Uber sets aside $600 million for U.K. drivers as a result of a court ruling
Uber faced pressure during the quarter in the U.K. after that country’s Supreme Court upheld a ruling that its drivers are workers, not independent contractors. The company said it took a $600 million hit to ride-hailing revenue “due to the accrual made for the resolution of historical claims in the UK relating to the classification of drivers.”
The March ruling meant that Uber would need to classify tens of thousands of drivers in the U.K. as employees and will have to pay claims of back pay due from British drivers in the case, including holiday pay, wages to equal the minimum, and, potentially, pension contributions. That would be on top of what the company already paid the drivers in the 2016 case.
That puts a dollar figure on a longstanding concern about Uber and the other “gig work” companies — what it would look like financially if they had to treat drivers as employees. And it is nothing to sneeze at, blowing away the $200 million Uber and other gig companies spent to pass a new law in California in their quest for a “third way” for employment law. That win could be moot, though, as President Joe Biden’s new secretary of the Labor Department said last week drivers should receive the benefits of employment in most cases, spooking some investors.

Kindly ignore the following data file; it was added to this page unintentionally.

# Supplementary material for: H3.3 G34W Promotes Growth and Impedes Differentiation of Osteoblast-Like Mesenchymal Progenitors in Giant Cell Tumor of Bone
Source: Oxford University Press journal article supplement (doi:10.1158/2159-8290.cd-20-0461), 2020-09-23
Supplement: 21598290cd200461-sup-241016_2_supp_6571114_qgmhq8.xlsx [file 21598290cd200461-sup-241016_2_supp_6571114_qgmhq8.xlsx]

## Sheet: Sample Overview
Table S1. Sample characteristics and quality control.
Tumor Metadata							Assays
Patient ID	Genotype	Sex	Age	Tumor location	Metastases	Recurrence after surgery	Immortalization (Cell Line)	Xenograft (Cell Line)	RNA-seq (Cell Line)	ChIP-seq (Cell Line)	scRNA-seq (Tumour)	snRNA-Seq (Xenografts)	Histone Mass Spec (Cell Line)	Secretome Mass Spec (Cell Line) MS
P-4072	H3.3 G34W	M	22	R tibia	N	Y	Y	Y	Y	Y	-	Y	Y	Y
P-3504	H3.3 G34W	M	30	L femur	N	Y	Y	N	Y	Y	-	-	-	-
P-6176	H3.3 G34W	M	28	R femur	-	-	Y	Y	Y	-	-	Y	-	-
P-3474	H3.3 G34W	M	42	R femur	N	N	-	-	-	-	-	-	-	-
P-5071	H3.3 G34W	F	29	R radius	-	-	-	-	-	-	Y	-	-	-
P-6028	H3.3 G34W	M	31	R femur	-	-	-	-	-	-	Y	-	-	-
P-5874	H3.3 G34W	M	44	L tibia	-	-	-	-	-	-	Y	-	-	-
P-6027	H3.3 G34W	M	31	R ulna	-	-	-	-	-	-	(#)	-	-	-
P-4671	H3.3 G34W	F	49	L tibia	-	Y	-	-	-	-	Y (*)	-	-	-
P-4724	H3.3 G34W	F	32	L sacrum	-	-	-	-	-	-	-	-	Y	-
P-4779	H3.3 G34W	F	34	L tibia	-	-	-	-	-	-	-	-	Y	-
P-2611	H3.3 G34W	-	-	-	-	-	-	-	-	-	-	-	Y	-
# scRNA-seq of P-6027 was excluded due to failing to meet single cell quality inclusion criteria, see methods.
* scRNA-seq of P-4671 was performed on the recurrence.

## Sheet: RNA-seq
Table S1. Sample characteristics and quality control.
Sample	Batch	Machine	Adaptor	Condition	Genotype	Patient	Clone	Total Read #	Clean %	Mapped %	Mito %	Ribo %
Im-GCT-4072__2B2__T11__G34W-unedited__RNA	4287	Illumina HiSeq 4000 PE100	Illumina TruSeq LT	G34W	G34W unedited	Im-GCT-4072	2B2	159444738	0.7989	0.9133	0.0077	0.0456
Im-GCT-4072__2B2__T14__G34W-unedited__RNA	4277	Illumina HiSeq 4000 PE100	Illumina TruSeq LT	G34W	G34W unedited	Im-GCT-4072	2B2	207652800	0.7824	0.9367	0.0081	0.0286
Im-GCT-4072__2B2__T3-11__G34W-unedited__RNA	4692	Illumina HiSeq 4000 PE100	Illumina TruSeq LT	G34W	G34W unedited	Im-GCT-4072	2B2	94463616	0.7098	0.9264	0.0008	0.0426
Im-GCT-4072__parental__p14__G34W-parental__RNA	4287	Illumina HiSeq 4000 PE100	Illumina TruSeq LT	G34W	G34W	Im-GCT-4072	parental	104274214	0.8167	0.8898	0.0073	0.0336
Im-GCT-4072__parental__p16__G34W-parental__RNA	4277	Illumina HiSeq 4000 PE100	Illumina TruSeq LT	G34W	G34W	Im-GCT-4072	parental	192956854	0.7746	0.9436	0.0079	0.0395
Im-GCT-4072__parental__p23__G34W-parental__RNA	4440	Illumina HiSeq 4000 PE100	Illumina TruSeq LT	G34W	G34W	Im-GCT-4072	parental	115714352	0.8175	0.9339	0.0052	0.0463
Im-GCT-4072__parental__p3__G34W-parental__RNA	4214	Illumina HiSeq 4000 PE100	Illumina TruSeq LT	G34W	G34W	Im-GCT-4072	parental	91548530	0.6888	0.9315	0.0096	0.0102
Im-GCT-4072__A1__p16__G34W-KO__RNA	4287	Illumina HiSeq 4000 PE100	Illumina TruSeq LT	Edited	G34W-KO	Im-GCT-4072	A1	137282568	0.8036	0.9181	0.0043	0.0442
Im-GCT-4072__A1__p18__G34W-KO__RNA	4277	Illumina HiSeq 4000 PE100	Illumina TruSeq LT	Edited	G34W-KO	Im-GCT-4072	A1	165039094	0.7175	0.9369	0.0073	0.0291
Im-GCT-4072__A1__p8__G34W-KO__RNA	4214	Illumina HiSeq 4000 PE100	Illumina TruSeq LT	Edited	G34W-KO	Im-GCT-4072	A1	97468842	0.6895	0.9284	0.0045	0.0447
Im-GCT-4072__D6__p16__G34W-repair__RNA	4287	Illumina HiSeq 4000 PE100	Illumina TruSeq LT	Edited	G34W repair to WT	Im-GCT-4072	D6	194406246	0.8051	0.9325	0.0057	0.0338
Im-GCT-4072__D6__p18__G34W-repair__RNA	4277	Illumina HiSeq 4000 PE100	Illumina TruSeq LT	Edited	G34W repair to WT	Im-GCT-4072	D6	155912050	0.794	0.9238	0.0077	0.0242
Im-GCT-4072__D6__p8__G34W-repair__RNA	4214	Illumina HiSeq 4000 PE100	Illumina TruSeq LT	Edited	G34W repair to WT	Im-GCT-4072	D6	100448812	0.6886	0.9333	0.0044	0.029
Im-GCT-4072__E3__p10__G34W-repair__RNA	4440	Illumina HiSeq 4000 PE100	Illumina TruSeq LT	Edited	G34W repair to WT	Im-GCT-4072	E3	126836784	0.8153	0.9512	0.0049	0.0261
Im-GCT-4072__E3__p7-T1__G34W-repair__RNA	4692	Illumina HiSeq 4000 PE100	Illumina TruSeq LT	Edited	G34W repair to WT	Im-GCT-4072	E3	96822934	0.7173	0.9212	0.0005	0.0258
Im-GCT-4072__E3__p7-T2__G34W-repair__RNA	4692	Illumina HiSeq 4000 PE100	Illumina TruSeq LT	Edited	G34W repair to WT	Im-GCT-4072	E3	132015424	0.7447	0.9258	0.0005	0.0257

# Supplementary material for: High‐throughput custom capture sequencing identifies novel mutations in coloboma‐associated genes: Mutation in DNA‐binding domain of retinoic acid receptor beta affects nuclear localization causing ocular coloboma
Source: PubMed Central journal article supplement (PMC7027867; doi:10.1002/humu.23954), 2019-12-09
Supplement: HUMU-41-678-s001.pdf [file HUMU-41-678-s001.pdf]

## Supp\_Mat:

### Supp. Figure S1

The company’s standard mantra when asked about the possible costs of classifying its drivers as employees have been to say that they will pass on the costs to its users, which executives said again during Wednesday’s call. They noted that they did see a slight increase in costs in the quarter, because of driver benefits, and they were able to pass those costs on to riders, with no impact on demand. “We are leaning in, with investments to support the recovery mobility and growth initiatives and delivery,” said Uber Chief Financial Officer Nelson Chai, noting that the ride-hailing company plans to invest in its driver base, and increase its spending in general, marketing, and administrative costs, and in R&D. Chai estimated Uber will spend between $450 million and $480 million in the second quarter, after a drop in spending last quarter. Also included will be spending on marketing to attract new drivers, as it faces driver shortages in the U.S. and Mexico.
At the same time, Chai noted that the company continues to face “significant forecasting uncertainty and predicting posts reopening consumer behavior.” Overall, investors are not happy with the higher spending, especially after the classification of drivers as employees in the UK. There is uncertainty that other jurisdictions, including the United States might follow the UK example. These uncertainties will continue to affect Uber and other gig economy stocks, whose contractor-based business models are again at risk. But at least investors now have an idea of how much drivers being classified as employees could cost the company.